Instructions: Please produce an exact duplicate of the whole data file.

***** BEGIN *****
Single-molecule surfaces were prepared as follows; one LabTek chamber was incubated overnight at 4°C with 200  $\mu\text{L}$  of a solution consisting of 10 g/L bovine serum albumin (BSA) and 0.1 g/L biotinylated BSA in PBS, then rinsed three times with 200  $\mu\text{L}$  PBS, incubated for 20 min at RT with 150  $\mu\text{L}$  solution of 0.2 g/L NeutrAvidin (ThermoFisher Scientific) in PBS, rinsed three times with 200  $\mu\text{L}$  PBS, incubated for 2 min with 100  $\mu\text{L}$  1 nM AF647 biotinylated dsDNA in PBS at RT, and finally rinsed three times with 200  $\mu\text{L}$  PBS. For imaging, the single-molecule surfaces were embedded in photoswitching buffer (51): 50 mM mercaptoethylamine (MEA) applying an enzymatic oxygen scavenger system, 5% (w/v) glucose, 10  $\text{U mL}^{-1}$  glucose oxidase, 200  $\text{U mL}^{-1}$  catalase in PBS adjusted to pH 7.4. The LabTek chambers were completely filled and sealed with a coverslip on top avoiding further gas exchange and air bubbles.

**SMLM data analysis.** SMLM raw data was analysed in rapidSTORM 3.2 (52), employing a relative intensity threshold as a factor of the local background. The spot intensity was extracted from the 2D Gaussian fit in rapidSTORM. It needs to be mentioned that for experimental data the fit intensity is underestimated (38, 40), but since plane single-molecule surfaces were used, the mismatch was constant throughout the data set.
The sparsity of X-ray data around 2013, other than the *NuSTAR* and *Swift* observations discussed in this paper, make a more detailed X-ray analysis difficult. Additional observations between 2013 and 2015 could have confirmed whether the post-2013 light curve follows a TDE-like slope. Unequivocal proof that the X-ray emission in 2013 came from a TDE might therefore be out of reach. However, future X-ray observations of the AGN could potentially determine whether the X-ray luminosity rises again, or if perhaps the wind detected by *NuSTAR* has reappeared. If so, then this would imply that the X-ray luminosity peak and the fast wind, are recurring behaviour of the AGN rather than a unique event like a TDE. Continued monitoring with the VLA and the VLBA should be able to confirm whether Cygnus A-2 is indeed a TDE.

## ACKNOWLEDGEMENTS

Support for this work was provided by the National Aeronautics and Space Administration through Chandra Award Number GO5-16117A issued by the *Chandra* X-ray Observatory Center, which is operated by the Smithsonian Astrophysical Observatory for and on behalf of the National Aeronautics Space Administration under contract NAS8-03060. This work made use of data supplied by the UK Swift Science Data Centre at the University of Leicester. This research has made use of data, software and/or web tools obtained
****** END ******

Single-molecule surfaces were prepared as follows; one LabTek chamber was incubated overnight at 4°C with 200  $\mu\text{L}$  of a solution consisting of 10 g/L bovine serum albumin (BSA) and 0.1 g/L biotinylated BSA in PBS, then rinsed three times with 200  $\mu\text{L}$  PBS, incubated for 20 min at RT with 150  $\mu\text{L}$  solution of 0.2 g/L NeutrAvidin (ThermoFisher Scientific) in PBS, rinsed three times with 200  $\mu\text{L}$  PBS, incubated for 2 min with 100  $\mu\text{L}$  1 nM AF647 biotinylated dsDNA in PBS at RT, and finally rinsed three times with 200  $\mu\text{L}$  PBS. For imaging, the single-molecule surfaces were embedded in photoswitching buffer (51): 50 mM mercaptoethylamine (MEA) applying an enzymatic oxygen scavenger system, 5% (w/v) glucose, 10  $\text{U mL}^{-1}$  glucose oxidase, 200  $\text{U mL}^{-1}$  catalase in PBS adjusted to pH 7.4. The LabTek chambers were completely filled and sealed with a coverslip on top avoiding further gas exchange and air bubbles.

**SMLM data analysis.** SMLM raw data was analysed in rapidSTORM 3.2 (52), employing a relative intensity threshold as a factor of the local background. The spot intensity was extracted from the 2D Gaussian fit in rapidSTORM. It needs to be mentioned that for experimental data the fit intensity is underestimated (38, 40), but since plane single-molecule surfaces were used, the mismatch was constant throughout the data set.
The sparsity of X-ray data around 2013, other than the *NuSTAR* and *Swift* observations discussed in this paper, make a more detailed X-ray analysis difficult. Additional observations between 2013 and 2015 could have confirmed whether the post-2013 light curve follows a TDE-like slope. Unequivocal proof that the X-ray emission in 2013 came from a TDE might therefore be out of reach. However, future X-ray observations of the AGN could potentially determine whether the X-ray luminosity rises again, or if perhaps the wind detected by *NuSTAR* has reappeared. If so, then this would imply that the X-ray luminosity peak and the fast wind, are recurring behaviour of the AGN rather than a unique event like a TDE. Continued monitoring with the VLA and the VLBA should be able to confirm whether Cygnus A-2 is indeed a TDE.

## ACKNOWLEDGEMENTS

Support for this work was provided by the National Aeronautics and Space Administration through Chandra Award Number GO5-16117A issued by the *Chandra* X-ray Observatory Center, which is operated by the Smithsonian Astrophysical Observatory for and on behalf of the National Aeronautics Space Administration under contract NAS8-03060. This work made use of data supplied by the UK Swift Science Data Centre at the University of Leicester. This research has made use of data, software and/or web tools obtained